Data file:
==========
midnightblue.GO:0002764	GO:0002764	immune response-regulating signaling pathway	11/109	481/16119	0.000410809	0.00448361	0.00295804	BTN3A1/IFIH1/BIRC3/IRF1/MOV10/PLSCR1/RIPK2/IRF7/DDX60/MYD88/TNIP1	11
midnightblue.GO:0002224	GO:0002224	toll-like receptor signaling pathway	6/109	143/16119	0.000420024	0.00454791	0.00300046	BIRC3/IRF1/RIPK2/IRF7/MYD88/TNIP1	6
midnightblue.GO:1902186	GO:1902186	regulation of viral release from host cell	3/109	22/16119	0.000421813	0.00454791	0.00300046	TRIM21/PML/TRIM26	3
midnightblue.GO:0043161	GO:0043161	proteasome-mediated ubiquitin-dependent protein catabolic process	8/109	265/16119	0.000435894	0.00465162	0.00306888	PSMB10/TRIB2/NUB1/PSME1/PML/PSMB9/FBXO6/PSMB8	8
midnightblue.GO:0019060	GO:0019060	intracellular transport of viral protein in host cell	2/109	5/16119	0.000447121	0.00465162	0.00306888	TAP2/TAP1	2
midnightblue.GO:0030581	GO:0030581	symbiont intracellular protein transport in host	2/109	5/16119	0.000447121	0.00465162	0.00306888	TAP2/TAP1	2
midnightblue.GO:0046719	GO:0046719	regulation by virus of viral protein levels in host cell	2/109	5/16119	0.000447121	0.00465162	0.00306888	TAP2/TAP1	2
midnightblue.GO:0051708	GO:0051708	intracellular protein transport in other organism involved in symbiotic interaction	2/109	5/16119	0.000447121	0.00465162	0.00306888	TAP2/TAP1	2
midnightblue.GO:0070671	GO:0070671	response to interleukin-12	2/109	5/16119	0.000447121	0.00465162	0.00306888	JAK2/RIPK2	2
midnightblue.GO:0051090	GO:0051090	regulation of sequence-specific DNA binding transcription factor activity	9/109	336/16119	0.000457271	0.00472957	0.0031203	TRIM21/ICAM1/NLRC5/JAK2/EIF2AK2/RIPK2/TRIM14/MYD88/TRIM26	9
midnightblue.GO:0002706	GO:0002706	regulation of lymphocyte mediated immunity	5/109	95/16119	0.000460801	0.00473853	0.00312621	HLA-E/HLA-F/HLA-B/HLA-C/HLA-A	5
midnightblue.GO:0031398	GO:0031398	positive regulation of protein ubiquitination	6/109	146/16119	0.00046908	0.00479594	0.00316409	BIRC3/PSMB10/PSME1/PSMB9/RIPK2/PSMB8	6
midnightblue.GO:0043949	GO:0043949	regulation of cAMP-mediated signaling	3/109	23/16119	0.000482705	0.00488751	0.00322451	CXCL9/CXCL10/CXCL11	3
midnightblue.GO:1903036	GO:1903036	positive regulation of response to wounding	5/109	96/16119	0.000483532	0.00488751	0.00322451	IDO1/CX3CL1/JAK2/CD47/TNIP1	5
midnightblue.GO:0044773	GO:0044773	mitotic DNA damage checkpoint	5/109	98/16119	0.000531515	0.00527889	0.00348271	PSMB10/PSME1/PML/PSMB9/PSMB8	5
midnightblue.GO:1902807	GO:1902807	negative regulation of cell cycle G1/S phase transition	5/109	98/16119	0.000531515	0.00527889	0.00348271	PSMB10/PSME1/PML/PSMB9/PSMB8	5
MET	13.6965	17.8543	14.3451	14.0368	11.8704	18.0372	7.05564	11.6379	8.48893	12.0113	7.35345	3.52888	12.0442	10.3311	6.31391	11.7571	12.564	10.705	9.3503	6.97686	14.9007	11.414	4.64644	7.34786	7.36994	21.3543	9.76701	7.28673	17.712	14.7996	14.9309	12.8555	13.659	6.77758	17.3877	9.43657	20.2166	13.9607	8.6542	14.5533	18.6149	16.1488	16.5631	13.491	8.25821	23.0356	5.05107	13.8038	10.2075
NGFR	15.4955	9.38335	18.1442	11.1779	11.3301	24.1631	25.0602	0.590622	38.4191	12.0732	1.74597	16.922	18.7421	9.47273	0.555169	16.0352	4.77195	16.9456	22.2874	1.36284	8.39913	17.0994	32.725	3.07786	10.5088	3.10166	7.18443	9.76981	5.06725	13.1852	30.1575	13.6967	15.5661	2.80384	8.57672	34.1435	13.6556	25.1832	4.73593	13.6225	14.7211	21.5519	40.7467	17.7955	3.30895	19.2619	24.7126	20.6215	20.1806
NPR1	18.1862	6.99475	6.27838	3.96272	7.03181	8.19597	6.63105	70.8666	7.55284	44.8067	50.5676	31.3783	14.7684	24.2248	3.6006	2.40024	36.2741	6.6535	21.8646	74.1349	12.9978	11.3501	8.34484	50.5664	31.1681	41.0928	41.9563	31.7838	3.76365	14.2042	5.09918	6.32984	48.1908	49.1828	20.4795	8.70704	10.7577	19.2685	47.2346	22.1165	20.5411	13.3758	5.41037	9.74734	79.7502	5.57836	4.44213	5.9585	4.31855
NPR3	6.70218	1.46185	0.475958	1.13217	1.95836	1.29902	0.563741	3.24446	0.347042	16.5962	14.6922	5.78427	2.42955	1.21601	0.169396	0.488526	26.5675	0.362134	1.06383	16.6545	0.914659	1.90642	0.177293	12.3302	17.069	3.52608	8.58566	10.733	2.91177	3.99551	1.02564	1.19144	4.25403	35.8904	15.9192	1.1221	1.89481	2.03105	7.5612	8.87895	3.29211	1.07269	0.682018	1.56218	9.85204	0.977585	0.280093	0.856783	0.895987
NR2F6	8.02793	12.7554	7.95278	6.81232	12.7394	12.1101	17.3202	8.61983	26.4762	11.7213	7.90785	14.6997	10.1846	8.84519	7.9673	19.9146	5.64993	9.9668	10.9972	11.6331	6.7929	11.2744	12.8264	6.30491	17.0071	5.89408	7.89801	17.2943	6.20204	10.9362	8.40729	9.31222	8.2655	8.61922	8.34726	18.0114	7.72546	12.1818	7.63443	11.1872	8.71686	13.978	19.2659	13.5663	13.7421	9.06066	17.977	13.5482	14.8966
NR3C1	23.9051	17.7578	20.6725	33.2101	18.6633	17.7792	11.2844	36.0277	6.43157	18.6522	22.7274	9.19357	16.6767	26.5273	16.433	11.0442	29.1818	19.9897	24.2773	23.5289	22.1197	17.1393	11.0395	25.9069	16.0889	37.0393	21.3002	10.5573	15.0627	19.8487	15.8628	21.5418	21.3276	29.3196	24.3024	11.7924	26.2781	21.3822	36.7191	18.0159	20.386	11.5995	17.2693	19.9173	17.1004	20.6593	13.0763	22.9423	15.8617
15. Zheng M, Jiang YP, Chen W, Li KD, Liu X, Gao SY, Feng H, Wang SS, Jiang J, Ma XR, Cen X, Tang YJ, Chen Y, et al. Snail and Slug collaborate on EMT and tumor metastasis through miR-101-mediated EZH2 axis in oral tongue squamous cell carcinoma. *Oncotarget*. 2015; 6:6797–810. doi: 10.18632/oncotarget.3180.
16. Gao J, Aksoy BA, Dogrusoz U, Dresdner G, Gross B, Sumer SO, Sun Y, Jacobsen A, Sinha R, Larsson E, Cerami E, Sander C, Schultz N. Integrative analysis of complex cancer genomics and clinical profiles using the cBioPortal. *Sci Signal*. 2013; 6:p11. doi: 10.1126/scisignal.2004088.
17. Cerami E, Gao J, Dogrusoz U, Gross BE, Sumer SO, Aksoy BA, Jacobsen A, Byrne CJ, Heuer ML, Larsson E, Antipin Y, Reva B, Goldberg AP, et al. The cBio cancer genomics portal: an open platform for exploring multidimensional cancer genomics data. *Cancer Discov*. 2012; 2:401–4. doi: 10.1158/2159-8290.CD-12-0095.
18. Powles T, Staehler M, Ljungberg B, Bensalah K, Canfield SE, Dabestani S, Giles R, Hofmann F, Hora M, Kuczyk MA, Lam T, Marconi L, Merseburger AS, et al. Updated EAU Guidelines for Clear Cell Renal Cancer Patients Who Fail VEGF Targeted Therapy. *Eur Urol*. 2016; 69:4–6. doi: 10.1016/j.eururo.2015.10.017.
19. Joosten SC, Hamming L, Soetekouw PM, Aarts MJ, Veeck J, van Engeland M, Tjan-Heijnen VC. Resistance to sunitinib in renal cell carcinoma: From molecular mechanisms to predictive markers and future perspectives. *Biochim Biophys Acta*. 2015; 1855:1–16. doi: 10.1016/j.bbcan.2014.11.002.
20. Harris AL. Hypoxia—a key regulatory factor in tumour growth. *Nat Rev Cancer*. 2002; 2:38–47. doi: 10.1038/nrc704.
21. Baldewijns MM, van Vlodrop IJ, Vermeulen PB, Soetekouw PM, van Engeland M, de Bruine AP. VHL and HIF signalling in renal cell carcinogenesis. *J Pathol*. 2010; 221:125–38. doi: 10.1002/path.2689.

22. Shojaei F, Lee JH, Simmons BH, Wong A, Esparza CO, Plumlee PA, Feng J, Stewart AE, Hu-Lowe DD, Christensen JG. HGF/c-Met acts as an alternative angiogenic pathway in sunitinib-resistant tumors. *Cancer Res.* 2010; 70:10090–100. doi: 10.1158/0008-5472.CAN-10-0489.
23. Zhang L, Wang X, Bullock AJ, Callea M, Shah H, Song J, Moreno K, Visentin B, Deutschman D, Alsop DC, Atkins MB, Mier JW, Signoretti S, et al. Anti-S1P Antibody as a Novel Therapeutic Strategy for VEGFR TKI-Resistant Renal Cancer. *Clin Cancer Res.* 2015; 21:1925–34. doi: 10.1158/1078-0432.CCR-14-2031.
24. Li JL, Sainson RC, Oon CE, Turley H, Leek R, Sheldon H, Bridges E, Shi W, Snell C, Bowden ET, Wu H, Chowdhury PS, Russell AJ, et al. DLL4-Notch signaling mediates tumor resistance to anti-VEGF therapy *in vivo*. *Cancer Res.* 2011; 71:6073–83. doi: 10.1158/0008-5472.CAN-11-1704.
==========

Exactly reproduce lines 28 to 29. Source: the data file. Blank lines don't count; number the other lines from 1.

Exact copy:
20. Harris AL. Hypoxia—a key regulatory factor in tumour growth. *Nat Rev Cancer*. 2002; 2:38–47. doi: 10.1038/nrc704.
21. Baldewijns MM, van Vlodrop IJ, Vermeulen PB, Soetekouw PM, van Engeland M, de Bruine AP. VHL and HIF signalling in renal cell carcinogenesis. *J Pathol*. 2010; 221:125–38. doi: 10.1002/path.2689.